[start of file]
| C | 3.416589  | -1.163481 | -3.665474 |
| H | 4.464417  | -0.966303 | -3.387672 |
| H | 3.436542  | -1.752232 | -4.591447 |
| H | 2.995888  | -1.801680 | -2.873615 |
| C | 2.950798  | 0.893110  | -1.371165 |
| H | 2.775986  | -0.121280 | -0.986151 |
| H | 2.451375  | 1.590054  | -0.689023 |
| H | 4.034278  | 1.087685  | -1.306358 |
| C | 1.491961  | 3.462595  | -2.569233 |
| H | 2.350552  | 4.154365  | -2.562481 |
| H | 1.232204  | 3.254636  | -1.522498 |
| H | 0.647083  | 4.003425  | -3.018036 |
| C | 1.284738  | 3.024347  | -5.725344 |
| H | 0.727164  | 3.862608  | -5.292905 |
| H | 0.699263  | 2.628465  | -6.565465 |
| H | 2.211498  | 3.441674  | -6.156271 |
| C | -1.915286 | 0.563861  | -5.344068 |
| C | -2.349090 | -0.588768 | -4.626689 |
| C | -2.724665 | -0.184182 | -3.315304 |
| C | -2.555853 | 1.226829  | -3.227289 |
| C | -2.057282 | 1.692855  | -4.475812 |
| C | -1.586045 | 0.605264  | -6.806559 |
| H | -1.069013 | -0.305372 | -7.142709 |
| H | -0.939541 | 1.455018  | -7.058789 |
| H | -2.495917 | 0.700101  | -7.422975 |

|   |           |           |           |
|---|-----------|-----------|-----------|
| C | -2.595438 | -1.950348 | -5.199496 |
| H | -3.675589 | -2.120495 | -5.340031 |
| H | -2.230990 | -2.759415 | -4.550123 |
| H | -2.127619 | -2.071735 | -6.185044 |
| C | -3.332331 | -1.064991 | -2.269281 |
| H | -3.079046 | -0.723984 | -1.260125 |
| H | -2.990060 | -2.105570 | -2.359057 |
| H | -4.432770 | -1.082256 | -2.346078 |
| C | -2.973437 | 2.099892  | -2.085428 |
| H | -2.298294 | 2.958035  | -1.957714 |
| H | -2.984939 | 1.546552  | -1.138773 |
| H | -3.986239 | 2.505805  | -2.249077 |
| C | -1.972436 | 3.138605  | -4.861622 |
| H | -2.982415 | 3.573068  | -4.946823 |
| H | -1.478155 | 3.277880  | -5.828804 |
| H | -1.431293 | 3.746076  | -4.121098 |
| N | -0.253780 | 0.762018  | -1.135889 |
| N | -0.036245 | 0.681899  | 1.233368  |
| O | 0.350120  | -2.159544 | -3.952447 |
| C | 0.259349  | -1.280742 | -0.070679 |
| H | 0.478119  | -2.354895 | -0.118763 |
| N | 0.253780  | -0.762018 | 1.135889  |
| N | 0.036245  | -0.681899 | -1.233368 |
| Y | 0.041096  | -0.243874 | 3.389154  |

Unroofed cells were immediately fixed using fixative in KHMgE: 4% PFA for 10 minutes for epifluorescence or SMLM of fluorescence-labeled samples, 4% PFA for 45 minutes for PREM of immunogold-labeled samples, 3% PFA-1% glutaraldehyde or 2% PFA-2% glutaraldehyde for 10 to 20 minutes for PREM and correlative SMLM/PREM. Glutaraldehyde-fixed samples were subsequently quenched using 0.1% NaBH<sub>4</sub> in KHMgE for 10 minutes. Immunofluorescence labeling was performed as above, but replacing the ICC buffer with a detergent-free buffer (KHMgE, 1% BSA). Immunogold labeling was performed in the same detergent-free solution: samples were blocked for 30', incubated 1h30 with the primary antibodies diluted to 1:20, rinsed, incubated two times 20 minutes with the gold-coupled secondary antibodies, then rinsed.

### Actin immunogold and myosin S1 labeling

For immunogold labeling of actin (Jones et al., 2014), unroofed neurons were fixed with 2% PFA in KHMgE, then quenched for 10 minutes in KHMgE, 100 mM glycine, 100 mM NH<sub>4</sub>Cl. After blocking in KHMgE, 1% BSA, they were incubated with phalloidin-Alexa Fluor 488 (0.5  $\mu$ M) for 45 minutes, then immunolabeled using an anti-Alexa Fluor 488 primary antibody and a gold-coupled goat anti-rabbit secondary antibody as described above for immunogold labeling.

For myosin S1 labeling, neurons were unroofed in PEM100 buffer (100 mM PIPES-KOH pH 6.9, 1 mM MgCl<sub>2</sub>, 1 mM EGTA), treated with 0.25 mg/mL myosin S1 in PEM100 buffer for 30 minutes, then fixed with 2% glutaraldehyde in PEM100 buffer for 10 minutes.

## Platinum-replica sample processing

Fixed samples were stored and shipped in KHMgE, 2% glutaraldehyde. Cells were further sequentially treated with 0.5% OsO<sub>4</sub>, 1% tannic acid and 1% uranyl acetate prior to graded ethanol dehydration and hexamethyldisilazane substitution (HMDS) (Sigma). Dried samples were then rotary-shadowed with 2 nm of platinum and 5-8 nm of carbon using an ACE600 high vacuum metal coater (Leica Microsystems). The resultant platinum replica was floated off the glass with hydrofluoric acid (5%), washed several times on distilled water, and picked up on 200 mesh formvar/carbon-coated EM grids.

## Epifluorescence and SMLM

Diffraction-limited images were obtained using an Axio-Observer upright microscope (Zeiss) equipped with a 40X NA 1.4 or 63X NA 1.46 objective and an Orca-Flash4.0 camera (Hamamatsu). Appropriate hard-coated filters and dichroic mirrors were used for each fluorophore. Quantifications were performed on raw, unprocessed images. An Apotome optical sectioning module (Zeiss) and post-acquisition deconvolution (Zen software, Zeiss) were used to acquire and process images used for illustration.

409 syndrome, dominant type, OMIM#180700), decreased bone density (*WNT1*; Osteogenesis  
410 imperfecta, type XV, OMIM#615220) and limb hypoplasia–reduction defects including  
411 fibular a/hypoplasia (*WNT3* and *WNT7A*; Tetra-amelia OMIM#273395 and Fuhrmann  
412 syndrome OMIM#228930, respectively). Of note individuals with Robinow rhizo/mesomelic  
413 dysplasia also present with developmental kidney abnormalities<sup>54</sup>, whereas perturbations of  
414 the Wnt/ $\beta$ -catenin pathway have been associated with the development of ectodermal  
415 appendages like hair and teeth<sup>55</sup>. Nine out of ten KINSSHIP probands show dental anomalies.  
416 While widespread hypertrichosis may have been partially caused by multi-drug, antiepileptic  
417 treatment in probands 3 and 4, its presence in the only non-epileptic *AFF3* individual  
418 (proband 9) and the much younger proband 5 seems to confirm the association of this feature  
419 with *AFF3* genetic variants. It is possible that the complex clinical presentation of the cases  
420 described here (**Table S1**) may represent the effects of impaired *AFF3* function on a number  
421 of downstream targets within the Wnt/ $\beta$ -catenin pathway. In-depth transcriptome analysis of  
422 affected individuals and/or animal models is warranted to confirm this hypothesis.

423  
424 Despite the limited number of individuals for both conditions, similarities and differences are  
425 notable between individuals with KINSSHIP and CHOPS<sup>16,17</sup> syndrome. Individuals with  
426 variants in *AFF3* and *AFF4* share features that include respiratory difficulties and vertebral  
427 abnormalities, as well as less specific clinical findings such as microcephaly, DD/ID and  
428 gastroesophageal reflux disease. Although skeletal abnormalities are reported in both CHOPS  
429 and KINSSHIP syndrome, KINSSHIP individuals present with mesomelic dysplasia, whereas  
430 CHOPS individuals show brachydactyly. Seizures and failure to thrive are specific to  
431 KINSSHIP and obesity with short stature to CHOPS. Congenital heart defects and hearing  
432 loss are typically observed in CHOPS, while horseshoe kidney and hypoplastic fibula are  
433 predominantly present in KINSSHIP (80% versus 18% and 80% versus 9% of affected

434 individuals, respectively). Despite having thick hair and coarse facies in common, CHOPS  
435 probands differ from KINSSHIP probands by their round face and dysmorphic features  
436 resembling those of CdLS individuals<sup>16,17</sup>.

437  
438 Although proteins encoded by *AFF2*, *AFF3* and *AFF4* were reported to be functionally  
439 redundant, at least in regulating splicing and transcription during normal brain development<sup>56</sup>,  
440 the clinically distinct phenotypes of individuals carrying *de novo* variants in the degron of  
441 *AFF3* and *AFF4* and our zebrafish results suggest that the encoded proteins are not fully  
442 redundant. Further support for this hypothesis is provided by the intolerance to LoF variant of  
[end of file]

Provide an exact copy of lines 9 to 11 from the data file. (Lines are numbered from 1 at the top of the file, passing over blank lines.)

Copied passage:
| C | 1.491961  | 3.462595  | -2.569233 |
| H | 2.350552  | 4.154365  | -2.562481 |
| H | 1.232204  | 3.254636  | -1.522498 |